The match in a tweet: Australia set up a mouth-watering showdown with India by beating Pakistan by 21 runs thanks to Smith’s knock and Faulkner’s five wickets The result: Australia 4-193 beat Pakistan 8-172 by 21 runs The hero: Cometh the hour, cometh the man. With scores of 6 and 14 in the first two matches, and a T20 average of 5.60 against his rivals, Steve Smith was under pressure in Australia’s crucial World T20 clash against Pakistan in Mohali. But when his side needed it, the skipper played a terrific, clever, patient innings of 61no to guide his side to a match-winning first innings total 4-193. Dropping one spot down the order, Smith high-stepped his way to the crease at No.4, to face a fiery Wahab Riaz who had just castled his deputy. The 26-year-old has made it known Australia’s batsmen need to be better throughout the middle of the innings, so with a game plan similar to the one used in 50-over cricket, Smith picked off singles, ran hard for twos, and when the ball was there to be hit, he sent it to the boundary. He played the role of anchor and provider each to perfection, combining for 62 with Glenn Maxwell and 74 with Shane Watson. While the knock might not be memorable in years to come, there was one shot in his catalogue that will never be forgotten.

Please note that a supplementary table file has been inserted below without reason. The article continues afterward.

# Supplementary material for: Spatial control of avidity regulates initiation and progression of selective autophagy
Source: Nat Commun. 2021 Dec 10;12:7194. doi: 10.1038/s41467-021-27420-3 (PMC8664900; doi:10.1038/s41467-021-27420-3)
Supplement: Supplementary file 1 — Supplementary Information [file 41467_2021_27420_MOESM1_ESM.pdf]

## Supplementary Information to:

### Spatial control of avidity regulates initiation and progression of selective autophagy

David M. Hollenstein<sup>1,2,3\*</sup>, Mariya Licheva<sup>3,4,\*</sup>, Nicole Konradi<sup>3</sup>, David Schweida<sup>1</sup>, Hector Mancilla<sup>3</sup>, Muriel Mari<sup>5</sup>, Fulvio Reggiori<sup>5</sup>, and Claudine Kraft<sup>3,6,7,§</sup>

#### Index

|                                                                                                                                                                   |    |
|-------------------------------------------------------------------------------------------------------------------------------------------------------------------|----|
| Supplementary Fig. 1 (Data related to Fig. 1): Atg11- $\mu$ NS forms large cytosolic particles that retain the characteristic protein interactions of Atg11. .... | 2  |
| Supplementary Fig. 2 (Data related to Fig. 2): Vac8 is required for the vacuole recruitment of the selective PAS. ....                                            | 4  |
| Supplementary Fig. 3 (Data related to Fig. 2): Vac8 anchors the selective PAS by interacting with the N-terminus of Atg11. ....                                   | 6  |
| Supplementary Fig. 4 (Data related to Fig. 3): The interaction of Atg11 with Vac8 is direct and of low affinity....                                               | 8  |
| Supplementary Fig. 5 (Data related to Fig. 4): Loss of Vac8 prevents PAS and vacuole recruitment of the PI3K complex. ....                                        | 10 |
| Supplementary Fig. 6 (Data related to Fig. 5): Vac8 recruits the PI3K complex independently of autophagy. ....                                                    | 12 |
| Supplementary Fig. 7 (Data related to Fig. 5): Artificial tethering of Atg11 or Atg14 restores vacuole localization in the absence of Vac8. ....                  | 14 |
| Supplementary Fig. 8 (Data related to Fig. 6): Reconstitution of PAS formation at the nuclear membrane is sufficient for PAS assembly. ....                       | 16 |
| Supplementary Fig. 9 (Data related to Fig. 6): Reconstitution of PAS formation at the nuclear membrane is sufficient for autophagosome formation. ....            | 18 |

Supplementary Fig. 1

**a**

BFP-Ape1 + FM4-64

The shot: It was the sort of thing you try in a video game when you’re on 331 off 100 balls and are pretty bored. Smith, however, was not only actually playing, he was 57 in the penultimate over of an extremely important match for his country, when he starts on leg-stump, completely exposing his wickets, then crabs even further to the off-side, before taking one last step to be practically off the pitch as he whips the ball over backward square-leg for four. The bowler, Wahab Riaz, needed only to bowl on the stumps to take the wicket of the captain, but instead he chased him, and in doing so changed the outcome from one of the craziest dismissals in history to one of the craziest shots in history. The spell: James Faulkner was outstanding, taking 5-27 – the best T20 international bowling figures for an Australian male. The Tasmanian took the key wicket of Sharjeel Khan after the opener got off to a flyer, bowling the opener for 30 off 19 balls. Faulkner then claimed the wickets of Khalid Latif and Imad Wasim in consecutive balls to effectively end the run chase, before taking another two in the final over, again off consecutive balls, to ice the game for his country – the Finisher doing the business with the ball. The consolation effort: Wasabi Wahab was too hot for Australia’s batsman with the new ball. Bowling first change from the City End, Wahab steamed in, nostrils flared, like he was sprinting in Rio for the gold. The adrenaline got to him to early, dropping short to watch on as Khawaja swivelled and sent the ball sailing over square-leg for six. Calmed, Wahab readjusted his length, and first produced an lbw appeal (going way down leg) and then a searing yorker at 140kph to bowl the elegant left-hander. The 30-year-old then set his sights on Australia’s new No.3, David Warner. After conceding a boundary first ball to the vice-captain, Wahab speared one into Warner’s middle stump at 148kph next ball, streaming past his victim as the scattered zing bails continued to flash at the base of the broken timber.